Activity 1

Facing challenges

Over to you!

Introduce one of these Congress candidates before her victory speech

Let’s use what you have learnt in
Activity 1
and / or
Activity 2

Say what State she represents and her main characteristics. Convey enthusiasm.

Enregistreur audio
Text B
The Edible Woman
The main character ponders over her education and career: “What else can I do? Once you’ve gone this far you aren’t fit for anything else. Something happens to your mind. You’re overqualified, overspecialized, and everybody knows it.”

The Edible Woman, Margaret Atwood, 1969.

From French to English


La traduction de « encore »

  • Still / even pour exprimer la continuité dans le temps ou bien l’insistance.
  • Ex : Women are still discriminated against
  • Again pour exprimer la réitération.
  • Ex : She had to reassert herself again.
  • Not... yet pour exprimer la négation “pas encore”.
  • Ex : Women haven’t achieved equality in the job market yet.
  • Only pour exprimer une restriction.
  • Ex : At some point, women could vote, but only if they were over 31 and land owners.

    Exercices p. 56

    Let's learn!

    Two truths and one lie

    Write three sentences using what you have found on one of the women of this double page. Say them to your neighbor who will have to find out which are true and which is a lie.

    Voir les réponses

    You are in charge of one text.

    Workbook p. 17

    Be ready to present your extract briefly.
    What are the difficulties the main character has to face? Justify by quoting the text.
    What message did the author want to convey?
    Useful vocabulary: The author meant… Unrighteously, she has to struggle with / fight against…

    Culture note

    Men, their rights, and nothing more;
    women, their rights, and nothing less.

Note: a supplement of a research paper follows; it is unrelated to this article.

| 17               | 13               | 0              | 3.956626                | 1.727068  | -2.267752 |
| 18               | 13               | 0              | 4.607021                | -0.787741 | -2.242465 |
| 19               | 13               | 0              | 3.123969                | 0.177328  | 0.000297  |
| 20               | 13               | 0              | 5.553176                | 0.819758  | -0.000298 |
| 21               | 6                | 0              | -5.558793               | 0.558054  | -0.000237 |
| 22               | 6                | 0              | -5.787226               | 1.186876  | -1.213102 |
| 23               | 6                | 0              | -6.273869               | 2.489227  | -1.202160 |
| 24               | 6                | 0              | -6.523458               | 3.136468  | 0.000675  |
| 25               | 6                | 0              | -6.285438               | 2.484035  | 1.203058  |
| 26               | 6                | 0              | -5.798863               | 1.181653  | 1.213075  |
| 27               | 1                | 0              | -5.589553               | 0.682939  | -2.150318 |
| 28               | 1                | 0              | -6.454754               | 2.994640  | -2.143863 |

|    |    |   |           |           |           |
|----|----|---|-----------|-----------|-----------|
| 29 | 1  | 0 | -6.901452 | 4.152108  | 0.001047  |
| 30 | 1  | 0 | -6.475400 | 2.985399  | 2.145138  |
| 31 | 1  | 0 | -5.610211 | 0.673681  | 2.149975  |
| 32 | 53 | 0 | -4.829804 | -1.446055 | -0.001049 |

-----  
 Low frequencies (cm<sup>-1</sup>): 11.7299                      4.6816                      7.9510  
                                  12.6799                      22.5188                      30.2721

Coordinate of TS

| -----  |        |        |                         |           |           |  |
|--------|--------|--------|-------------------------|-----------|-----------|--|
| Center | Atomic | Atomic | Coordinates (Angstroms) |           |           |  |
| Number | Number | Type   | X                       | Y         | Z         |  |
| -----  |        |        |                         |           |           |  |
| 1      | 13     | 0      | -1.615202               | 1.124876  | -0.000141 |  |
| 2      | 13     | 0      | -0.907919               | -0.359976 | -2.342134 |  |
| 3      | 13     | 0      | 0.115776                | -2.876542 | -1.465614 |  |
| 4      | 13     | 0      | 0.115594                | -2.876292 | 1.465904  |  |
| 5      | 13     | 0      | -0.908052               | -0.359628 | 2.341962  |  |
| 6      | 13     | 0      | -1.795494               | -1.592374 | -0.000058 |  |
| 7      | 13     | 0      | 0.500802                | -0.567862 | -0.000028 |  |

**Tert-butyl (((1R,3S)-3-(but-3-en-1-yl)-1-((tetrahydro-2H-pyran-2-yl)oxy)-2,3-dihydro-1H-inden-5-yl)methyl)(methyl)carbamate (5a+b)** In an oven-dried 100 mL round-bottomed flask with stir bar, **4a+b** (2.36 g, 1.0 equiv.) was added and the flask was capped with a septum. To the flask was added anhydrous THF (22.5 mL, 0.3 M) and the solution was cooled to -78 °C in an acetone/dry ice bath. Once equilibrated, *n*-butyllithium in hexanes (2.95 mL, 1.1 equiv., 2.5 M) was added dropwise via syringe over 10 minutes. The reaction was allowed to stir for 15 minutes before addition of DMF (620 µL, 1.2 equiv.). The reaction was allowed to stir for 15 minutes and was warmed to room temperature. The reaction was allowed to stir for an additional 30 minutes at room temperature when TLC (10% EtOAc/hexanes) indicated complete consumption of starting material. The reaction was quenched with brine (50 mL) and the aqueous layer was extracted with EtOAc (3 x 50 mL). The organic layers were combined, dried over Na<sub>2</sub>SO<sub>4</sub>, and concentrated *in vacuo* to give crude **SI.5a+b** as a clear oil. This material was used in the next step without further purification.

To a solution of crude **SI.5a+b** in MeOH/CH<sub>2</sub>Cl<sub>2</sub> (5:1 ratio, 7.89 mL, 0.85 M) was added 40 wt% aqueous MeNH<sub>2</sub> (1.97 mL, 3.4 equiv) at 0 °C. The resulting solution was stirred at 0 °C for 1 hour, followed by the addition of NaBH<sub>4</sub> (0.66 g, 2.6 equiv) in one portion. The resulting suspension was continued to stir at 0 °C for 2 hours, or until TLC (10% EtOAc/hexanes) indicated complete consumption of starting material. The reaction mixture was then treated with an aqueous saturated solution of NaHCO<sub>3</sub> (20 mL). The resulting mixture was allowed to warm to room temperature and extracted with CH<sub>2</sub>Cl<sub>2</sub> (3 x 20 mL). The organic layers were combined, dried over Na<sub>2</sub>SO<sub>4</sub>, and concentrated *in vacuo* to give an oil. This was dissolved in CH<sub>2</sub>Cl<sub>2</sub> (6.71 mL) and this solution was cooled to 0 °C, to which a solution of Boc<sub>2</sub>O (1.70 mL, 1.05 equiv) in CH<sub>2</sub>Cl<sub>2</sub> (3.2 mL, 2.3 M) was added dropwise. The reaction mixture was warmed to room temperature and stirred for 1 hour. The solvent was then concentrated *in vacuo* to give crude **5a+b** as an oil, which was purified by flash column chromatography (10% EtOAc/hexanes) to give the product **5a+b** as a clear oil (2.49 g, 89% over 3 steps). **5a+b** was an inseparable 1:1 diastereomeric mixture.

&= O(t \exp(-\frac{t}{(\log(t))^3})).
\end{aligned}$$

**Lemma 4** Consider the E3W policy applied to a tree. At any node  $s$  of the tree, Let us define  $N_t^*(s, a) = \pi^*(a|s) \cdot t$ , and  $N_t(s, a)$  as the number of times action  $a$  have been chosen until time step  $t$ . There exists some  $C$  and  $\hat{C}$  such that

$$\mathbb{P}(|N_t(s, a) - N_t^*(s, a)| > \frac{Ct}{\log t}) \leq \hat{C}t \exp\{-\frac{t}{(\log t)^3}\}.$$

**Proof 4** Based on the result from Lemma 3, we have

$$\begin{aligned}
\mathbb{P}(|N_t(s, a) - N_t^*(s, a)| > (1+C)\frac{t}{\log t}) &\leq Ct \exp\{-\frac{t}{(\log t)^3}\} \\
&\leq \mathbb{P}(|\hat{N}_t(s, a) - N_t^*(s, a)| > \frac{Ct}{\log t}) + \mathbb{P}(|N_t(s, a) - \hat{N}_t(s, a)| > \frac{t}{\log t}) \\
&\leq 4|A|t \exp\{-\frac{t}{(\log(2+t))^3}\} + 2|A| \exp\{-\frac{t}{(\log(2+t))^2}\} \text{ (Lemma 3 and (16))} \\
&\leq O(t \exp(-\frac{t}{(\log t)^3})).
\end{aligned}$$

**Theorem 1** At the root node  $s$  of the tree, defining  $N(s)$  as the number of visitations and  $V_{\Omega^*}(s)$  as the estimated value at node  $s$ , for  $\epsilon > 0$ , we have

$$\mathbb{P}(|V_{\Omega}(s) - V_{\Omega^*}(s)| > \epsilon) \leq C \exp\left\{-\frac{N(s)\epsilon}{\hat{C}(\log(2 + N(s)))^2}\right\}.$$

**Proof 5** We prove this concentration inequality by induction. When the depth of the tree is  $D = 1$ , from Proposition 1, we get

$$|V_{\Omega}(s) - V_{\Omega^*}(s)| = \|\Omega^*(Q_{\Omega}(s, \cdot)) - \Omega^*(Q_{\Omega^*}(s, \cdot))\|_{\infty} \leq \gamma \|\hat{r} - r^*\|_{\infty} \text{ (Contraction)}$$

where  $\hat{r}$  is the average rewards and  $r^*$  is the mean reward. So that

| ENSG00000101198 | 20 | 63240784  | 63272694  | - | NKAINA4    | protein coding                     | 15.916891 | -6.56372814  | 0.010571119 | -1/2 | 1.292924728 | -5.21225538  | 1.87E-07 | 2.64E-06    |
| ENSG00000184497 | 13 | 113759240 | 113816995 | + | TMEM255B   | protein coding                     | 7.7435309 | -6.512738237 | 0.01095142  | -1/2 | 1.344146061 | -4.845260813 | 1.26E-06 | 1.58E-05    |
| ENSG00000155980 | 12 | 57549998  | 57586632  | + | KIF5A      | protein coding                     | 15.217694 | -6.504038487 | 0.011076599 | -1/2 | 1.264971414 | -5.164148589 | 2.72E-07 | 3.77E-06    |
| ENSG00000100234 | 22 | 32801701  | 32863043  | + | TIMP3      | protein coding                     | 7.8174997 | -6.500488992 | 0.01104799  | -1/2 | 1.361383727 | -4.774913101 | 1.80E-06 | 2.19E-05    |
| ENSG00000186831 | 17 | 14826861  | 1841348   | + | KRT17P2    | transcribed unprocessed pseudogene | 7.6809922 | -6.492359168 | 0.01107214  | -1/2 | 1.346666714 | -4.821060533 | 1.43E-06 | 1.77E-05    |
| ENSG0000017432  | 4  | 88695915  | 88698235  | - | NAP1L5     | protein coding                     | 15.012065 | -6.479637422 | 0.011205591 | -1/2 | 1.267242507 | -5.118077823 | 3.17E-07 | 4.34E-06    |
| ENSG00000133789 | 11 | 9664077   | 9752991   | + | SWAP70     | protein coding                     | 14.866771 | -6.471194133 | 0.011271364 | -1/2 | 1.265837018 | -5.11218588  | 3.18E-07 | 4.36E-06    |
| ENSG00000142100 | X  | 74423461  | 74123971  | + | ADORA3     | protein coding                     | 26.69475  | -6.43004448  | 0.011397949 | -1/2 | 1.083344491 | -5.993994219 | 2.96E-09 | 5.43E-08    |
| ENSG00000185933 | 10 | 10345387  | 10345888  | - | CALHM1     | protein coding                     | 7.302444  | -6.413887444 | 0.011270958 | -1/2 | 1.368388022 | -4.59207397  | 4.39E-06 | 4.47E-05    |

Susan B. Anthony

    Susan B. Anthony was an American women’s rights activist who fought for equal suffrage for all, regardless of gender or ethnicity. She founded the National Woman’s Suffrage Association in 1869.
    Text A
    Stay With Me
    ‘Good evening, Moomi.’ My knees trembled as they touched the concrete floor. ‘Are you pregnant now?’ She said without looking up from the tray of groundnuts. [...] ‘Why won’t you allow my son to have a child?’ She slapped the tray of groundnuts on the floor and stood up. ‘I don’t manufacture children. God does.’ [...] ‘Have you ever seen God in a labour room giving birth to a child? Tell me, Yejide, have you ever seen God in the labour ward? Women manufacture children and if you can’t you are just a man. Nobody should call you a woman.’

    Stay With Me, Ayobami Adabayo, 2017.

    Let's talk this out!

    Voir les réponses

    Share your findings with your classmates and learn about the other texts.

    What do the main characters have in common?

    What is expected from these women? Is it fair?

    Do you feel a pressure to comply to society’s expectations yourself as a man or a woman?

    Useful vocabulary: All the characters are confronted with… I don’t feel concerned...
    I think it is outrageous / unfair / tragic...
    I believe it is exaggerated / not so serious…
    I feel judged…
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